Petrobras Oil Royalties Exploited by Rio Retirees in Debt

Brazil’s government bonds have proven such an unprofitable investment for Rio de Janeiro retirees the state’s pension fund is taking the unprecedented step of borrowing money overseas to plug its shortfall.

Rioprevidencia wants to issue $1 billion of debt backed by oil royalties, Fitch Ratings said June 2, in what will be the first-ever bond sale by a Brazilian pension, according to data compiled by Bloomberg. The bonds, marketed to potential investors in San Francisco, New York and London in the past week, may be rated two levels above junk at BBB by Fitch. Emerging-market notes with the same rating yield 4.7 percent on average, data compiled by Bloomberg show.

The move comes after Brazilian bonds, which account for almost half of Rioprevidencia’s assets, posted their biggest losses last year since 2004 as the Latin American economy slowed and the real plunged. While the bonds have rebounded this year, Brazilian pension funds suffered a record deficit of 22 billion reais ($9.9 billion) in 2013. To avoid a repeat, Rioprevidencia plans to use royalties that Rio de Janeiro receives mostly from state-run oil producer Petroleo Brasileiro SA to guarantee payments in its bond sale.

“Rioprevidencia is seeking ways to cover their actuarial deficit in an innovative format for Brazilian funds,” Mirian Abe, an analyst at Fitch, said in a telephone interview from Sao Paulo. “That amount should be good to cover their deficit in the next three to four years.”

Bond Losses

Natalia Oliveira, a press officer at Rioprevidencia, directed questions on the bond sale to Rio de Janeiro’s Planning and Management Secretary. The Secretary’s press office said in an e-mailed response to questions that the fund hired banks for a potential offer of bonds backed by oil royalties.

Rioprevidencia hired BB Securities and BNP Paribas to arrange the offering, said a person familiar with the matter.

The pension fund’s assets shrank 14 percent last year as Brazil’s inflation-linked bonds lost 11 percent. Brazilian local bonds have returned 7.5 percent so far this year, compared with a 5.2 percent gain from other emerging markets.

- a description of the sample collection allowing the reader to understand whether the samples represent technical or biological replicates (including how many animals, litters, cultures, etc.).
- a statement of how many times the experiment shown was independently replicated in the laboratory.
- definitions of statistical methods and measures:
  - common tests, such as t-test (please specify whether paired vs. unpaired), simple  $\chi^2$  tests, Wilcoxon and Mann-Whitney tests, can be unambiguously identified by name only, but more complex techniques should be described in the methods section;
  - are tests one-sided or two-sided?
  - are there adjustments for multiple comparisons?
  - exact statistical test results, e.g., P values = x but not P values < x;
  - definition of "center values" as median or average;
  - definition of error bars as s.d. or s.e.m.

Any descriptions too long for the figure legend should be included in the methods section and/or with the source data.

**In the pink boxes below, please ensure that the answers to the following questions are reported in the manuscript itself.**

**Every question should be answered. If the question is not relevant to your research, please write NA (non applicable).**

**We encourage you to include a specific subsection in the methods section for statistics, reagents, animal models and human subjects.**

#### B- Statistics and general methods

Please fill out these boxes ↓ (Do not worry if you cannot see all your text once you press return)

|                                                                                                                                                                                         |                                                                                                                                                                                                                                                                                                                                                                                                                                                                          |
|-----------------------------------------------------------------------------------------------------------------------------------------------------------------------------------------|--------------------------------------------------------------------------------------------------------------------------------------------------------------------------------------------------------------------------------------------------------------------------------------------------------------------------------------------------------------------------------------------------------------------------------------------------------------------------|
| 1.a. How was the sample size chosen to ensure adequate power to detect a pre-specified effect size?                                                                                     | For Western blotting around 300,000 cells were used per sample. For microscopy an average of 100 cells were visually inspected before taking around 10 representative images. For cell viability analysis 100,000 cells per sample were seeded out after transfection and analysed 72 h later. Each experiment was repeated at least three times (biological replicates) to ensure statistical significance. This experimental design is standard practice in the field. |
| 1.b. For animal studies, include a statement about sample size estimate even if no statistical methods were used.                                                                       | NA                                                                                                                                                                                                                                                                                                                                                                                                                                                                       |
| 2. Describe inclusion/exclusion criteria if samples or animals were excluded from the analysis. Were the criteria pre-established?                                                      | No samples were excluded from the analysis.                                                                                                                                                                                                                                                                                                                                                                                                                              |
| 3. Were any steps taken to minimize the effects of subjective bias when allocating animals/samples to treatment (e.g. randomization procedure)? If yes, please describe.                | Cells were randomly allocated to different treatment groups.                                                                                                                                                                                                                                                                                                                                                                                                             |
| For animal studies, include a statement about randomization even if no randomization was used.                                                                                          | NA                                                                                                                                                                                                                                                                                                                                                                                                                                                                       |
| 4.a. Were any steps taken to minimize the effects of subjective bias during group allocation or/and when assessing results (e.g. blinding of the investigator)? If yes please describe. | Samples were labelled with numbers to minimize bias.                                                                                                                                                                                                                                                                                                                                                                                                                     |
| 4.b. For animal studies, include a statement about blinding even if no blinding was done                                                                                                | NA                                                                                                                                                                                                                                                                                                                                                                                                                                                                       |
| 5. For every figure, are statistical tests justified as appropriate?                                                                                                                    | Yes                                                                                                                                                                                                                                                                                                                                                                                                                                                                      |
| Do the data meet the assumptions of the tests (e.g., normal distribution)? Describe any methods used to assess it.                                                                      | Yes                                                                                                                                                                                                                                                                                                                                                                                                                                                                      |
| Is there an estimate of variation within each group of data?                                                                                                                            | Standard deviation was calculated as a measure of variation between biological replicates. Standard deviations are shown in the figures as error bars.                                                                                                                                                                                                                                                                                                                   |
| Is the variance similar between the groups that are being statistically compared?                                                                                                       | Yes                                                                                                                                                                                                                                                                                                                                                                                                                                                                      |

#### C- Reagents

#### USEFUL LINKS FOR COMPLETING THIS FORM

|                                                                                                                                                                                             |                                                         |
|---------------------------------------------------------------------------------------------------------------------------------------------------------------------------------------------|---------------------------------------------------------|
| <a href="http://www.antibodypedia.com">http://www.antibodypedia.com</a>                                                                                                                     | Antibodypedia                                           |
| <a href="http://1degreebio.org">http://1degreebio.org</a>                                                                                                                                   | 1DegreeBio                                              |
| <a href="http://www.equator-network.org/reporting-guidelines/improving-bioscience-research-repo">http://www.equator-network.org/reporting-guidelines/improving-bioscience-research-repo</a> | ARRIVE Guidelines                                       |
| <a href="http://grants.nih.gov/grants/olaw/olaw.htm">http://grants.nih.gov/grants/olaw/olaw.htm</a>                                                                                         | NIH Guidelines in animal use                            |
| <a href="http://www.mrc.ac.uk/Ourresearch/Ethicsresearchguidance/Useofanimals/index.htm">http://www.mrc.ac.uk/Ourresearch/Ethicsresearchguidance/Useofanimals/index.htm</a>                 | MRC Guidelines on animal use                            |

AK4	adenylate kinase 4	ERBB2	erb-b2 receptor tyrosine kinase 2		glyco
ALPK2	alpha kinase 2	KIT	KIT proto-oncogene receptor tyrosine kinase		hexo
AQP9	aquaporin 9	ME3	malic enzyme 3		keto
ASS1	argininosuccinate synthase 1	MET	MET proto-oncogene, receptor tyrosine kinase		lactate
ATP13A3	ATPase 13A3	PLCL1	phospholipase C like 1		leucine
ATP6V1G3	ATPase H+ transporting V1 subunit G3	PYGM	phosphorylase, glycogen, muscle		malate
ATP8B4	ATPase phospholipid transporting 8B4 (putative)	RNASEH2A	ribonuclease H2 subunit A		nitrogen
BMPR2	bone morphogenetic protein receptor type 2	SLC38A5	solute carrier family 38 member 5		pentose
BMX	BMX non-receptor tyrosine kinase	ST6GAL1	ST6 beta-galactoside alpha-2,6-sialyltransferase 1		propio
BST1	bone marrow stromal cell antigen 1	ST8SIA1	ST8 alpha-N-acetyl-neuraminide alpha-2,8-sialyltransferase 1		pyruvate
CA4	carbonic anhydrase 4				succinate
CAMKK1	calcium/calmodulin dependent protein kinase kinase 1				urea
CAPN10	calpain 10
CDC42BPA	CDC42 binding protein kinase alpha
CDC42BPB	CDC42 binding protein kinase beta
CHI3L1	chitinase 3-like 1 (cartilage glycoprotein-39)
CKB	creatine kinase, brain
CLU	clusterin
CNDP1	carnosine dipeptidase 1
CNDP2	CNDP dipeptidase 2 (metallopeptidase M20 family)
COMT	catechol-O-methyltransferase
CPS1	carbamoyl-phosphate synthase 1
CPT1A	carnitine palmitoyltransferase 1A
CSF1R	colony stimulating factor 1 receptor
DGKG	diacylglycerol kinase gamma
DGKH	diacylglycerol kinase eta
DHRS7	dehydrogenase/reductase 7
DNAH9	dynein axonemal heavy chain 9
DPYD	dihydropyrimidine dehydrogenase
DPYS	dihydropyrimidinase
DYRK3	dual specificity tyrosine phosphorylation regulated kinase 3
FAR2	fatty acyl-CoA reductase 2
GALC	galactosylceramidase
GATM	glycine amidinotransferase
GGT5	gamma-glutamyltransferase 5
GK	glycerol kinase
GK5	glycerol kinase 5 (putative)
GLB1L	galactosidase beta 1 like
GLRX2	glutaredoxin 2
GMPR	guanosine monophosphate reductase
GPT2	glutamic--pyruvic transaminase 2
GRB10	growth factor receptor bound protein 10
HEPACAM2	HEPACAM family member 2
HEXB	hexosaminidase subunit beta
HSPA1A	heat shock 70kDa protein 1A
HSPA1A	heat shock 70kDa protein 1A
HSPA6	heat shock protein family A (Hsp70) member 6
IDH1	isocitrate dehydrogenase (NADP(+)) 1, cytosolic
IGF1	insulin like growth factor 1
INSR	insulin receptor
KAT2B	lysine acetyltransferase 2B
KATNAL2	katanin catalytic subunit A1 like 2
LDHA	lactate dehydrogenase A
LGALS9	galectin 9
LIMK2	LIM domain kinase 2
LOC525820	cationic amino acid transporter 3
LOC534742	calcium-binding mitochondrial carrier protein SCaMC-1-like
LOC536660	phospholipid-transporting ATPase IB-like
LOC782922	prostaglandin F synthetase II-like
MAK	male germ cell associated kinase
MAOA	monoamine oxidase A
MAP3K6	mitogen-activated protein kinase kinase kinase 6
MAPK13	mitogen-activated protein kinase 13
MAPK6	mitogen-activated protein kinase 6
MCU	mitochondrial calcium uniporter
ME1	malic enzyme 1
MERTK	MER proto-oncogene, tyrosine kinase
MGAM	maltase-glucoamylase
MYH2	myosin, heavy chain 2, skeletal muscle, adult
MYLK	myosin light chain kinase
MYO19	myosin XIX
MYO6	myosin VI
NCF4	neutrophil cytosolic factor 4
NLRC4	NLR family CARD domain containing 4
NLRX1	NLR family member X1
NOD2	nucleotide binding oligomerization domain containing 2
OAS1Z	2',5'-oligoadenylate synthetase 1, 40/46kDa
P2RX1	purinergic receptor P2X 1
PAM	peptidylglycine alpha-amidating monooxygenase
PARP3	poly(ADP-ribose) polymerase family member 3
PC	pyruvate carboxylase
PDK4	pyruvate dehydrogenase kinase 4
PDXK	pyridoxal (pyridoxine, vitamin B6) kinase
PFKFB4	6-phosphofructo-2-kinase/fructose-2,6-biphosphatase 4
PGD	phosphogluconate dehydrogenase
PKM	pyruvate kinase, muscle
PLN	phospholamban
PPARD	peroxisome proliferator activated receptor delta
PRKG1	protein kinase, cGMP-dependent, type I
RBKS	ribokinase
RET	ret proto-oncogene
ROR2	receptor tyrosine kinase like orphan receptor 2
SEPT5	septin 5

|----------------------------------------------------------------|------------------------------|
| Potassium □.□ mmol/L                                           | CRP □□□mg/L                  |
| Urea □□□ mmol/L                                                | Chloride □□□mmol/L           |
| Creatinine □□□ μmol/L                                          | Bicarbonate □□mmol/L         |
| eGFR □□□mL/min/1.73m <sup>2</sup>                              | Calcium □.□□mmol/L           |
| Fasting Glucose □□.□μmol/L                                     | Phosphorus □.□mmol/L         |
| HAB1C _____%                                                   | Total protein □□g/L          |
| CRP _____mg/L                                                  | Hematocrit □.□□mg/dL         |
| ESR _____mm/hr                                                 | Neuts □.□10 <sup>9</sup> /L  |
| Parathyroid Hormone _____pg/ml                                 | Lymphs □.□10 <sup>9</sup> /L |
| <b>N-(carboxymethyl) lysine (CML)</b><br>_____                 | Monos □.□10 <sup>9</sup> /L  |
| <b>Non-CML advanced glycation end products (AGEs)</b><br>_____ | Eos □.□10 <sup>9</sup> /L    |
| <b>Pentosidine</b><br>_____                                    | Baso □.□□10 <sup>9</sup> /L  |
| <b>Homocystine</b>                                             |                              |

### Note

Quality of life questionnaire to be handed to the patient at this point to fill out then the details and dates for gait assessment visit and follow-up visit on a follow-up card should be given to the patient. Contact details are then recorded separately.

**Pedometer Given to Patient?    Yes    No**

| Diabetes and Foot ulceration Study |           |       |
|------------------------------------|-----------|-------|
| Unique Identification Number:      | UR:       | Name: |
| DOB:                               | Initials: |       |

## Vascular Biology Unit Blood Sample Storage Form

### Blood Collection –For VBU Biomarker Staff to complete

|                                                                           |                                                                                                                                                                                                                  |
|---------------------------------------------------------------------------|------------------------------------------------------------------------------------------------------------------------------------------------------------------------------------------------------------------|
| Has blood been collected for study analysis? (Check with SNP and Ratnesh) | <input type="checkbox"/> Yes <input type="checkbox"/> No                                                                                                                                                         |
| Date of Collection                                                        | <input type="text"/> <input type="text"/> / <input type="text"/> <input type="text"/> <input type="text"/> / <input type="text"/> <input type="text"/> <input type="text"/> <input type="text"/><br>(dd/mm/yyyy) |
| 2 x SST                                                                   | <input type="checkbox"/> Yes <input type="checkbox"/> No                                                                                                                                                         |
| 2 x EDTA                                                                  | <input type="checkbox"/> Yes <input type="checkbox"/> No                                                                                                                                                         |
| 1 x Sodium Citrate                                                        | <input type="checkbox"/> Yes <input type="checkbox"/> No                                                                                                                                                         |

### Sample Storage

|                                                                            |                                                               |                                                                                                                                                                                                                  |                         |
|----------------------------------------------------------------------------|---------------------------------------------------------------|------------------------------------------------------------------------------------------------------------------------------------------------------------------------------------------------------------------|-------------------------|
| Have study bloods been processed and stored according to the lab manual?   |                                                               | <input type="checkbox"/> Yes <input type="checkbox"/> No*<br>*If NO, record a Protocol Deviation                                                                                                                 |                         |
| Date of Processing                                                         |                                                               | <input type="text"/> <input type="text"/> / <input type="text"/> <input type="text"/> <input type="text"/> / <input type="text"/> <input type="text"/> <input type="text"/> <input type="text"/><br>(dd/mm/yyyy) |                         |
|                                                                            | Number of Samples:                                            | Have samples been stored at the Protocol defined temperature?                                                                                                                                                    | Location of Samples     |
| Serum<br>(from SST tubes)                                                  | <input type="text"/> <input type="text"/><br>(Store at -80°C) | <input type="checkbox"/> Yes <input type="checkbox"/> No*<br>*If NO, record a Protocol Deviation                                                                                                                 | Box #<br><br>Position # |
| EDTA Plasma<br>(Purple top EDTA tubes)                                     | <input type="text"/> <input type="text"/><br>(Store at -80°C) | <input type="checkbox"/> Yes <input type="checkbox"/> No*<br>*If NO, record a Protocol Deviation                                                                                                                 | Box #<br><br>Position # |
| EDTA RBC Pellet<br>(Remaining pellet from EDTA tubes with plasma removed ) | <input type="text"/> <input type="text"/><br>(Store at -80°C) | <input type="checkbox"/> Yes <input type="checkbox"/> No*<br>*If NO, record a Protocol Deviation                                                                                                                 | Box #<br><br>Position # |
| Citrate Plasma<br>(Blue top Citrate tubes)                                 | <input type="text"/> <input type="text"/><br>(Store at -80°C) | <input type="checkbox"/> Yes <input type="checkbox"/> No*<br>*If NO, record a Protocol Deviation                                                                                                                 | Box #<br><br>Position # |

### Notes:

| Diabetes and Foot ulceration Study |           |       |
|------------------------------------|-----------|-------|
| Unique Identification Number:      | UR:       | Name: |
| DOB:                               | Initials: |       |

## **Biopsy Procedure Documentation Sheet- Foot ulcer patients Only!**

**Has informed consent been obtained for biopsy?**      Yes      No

While the bonds have recovered, a measure of inflation that last month reached the highest level since July has kept Rioprevidencia from meeting its actuarial target of 6 percent over price increases.

The real declined 0.4 percent to 2.2340 per U.S. dollar at 2:15 p.m. in New York.

‘Considerable Deficits’

Rioprevidencia is turning to the debt market after relying on cash proceeds from redemptions of bonds issued by the federal government in 1999 to finance its cash shortfall. The last of those notes, issued to the pension fund as part of the state’s debt renegotiation, were redeemed in 2012.

To meet its funding obligations last year, Rioprevidencia sold oil-revenue rights to state-controlled banks Caixa Economica Federal and to Banco do Brasil SA for 2.2 billion reais and 1 billion reais, respectively. Caixa and Banco do Brasil will sell the revenue rights they own back to Rio Finance Oil Trust, the special-purpose vehicle created to sell Rioprevidencia bonds. In turn, the banks will receive 2.7 billion reais in local bonds backed by the oil royalty flows.

“Pension funds from different parts of the country are struggling with considerable deficits,” said Ricardo Mollo, a corporate finance professor at Insper Institute of Education and Research in Sao Paulo. “Rioprevidencia is seeking to fill its actuarial gap counting on money mostly coming from Petrobras production.”

Royalty Installment

A decline in the amount of assigned oil revenue received by Rioprevidencia may “materially adversely impair its ability to pay principal, interest and additional amounts, if any,” according to bond’s prospectus. Petrobras’s production has declined for two straight years, falling short of the 9.4 percent annual increase estimated since 2010, when it started developing the so-called pre-salt reserves off Rio’s coast.

“Petrobras is undergoing a transformational process that has required significant capital expenditures to boost its production and cash flow, possibly delaying efficiency and timely production,” Eric Gretch, an analyst at Standard & Poor’s, said in a June 6 report.

Rioprevidencia’s oil royalties totaled almost 4.9 billion reais in 2013, equal to about 40 percent of total revenue.

“It doesn’t look good to see a pension fund issuing debt,” Ulisses de Oliveira, a money manager at Galloway Capital Management LLC, which oversees $400 million in emerging-market debt, said in an e-mailed response to questions. “The royalty installment payment method exists for a reason, so there are no lump sums paid at once.”

To contact the reporters on this story: Filipe Pacheco in Sao Paulo at fpacheco4@bloomberg.net; Julia Leite in New York at jleite3@bloomberg.net

To contact the editors responsible for this story: Brendan Walsh at bwalsh8@bloomberg.net Lester Pimentel, Bradley Keoun

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